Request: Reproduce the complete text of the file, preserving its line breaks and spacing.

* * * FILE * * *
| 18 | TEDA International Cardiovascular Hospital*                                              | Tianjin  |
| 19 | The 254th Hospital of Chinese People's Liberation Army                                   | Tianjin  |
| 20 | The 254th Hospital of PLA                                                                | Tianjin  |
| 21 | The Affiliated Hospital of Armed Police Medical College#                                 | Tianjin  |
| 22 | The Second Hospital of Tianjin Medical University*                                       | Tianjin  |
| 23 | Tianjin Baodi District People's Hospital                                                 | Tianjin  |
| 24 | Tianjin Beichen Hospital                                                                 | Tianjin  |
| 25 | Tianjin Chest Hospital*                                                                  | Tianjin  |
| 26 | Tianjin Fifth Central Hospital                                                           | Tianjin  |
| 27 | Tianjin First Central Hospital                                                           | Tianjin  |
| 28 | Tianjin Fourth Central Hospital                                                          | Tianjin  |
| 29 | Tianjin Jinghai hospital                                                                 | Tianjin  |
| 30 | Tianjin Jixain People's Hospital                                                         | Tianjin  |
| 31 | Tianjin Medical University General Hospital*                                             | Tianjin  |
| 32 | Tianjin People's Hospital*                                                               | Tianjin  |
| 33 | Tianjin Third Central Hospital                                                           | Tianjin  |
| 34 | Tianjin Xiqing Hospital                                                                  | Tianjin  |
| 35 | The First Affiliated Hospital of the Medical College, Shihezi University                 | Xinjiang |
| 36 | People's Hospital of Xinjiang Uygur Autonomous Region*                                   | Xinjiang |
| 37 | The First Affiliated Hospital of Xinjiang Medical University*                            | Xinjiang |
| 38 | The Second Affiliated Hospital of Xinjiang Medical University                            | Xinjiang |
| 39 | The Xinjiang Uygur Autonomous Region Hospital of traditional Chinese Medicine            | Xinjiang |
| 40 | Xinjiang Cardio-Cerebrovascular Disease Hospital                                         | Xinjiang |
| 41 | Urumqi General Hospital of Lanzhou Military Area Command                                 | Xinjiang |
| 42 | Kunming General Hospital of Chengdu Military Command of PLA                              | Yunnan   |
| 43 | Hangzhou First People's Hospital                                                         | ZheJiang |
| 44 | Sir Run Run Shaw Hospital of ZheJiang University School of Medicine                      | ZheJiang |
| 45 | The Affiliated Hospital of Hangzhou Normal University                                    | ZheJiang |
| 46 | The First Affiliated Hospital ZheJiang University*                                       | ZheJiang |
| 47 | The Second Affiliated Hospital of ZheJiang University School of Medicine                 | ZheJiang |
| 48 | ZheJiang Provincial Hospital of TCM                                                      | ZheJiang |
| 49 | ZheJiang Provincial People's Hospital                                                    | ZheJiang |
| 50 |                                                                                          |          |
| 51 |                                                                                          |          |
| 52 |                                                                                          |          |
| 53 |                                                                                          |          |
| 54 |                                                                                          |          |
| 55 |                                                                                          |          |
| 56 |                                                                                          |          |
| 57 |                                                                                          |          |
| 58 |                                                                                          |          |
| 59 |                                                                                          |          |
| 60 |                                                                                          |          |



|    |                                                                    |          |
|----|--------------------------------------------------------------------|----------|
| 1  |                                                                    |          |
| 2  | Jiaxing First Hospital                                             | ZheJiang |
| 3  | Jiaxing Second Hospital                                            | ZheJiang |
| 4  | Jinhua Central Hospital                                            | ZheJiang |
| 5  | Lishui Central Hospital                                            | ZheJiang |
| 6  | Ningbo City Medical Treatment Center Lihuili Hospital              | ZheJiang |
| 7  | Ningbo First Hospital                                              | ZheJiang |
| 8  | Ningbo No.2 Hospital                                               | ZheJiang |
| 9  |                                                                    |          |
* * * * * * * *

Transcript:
| 18 | TEDA International Cardiovascular Hospital*                                              | Tianjin  |
| 19 | The 254th Hospital of Chinese People's Liberation Army                                   | Tianjin  |
| 20 | The 254th Hospital of PLA                                                                | Tianjin  |
| 21 | The Affiliated Hospital of Armed Police Medical College#                                 | Tianjin  |
| 22 | The Second Hospital of Tianjin Medical University*                                       | Tianjin  |
| 23 | Tianjin Baodi District People's Hospital                                                 | Tianjin  |
| 24 | Tianjin Beichen Hospital                                                                 | Tianjin  |
| 25 | Tianjin Chest Hospital*                                                                  | Tianjin  |
| 26 | Tianjin Fifth Central Hospital                                                           | Tianjin  |
| 27 | Tianjin First Central Hospital                                                           | Tianjin  |
| 28 | Tianjin Fourth Central Hospital                                                          | Tianjin  |
| 29 | Tianjin Jinghai hospital                                                                 | Tianjin  |
| 30 | Tianjin Jixain People's Hospital                                                         | Tianjin  |
| 31 | Tianjin Medical University General Hospital*                                             | Tianjin  |
| 32 | Tianjin People's Hospital*                                                               | Tianjin  |
| 33 | Tianjin Third Central Hospital                                                           | Tianjin  |
| 34 | Tianjin Xiqing Hospital                                                                  | Tianjin  |
| 35 | The First Affiliated Hospital of the Medical College, Shihezi University                 | Xinjiang |
| 36 | People's Hospital of Xinjiang Uygur Autonomous Region*                                   | Xinjiang |
| 37 | The First Affiliated Hospital of Xinjiang Medical University*                            | Xinjiang |
| 38 | The Second Affiliated Hospital of Xinjiang Medical University                            | Xinjiang |
| 39 | The Xinjiang Uygur Autonomous Region Hospital of traditional Chinese Medicine            | Xinjiang |
| 40 | Xinjiang Cardio-Cerebrovascular Disease Hospital                                         | Xinjiang |
| 41 | Urumqi General Hospital of Lanzhou Military Area Command                                 | Xinjiang |
| 42 | Kunming General Hospital of Chengdu Military Command of PLA                              | Yunnan   |
| 43 | Hangzhou First People's Hospital                                                         | ZheJiang |
| 44 | Sir Run Run Shaw Hospital of ZheJiang University School of Medicine                      | ZheJiang |
| 45 | The Affiliated Hospital of Hangzhou Normal University                                    | ZheJiang |
| 46 | The First Affiliated Hospital ZheJiang University*                                       | ZheJiang |
| 47 | The Second Affiliated Hospital of ZheJiang University School of Medicine                 | ZheJiang |
| 48 | ZheJiang Provincial Hospital of TCM                                                      | ZheJiang |
| 49 | ZheJiang Provincial People's Hospital                                                    | ZheJiang |
| 50 |                                                                                          |          |
| 51 |                                                                                          |          |
| 52 |                                                                                          |          |
| 53 |                                                                                          |          |
| 54 |                                                                                          |          |
| 55 |                                                                                          |          |
| 56 |                                                                                          |          |
| 57 |                                                                                          |          |
| 58 |                                                                                          |          |
| 59 |                                                                                          |          |
| 60 |                                                                                          |          |



|    |                                                                    |          |
|----|--------------------------------------------------------------------|----------|
| 1  |                                                                    |          |
| 2  | Jiaxing First Hospital                                             | ZheJiang |
| 3  | Jiaxing Second Hospital                                            | ZheJiang |
| 4  | Jinhua Central Hospital                                            | ZheJiang |
| 5  | Lishui Central Hospital                                            | ZheJiang |
| 6  | Ningbo City Medical Treatment Center Lihuili Hospital              | ZheJiang |
| 7  | Ningbo First Hospital                                              | ZheJiang |
| 8  | Ningbo No.2 Hospital                                               | ZheJiang |
| 9  |                                                                    |          |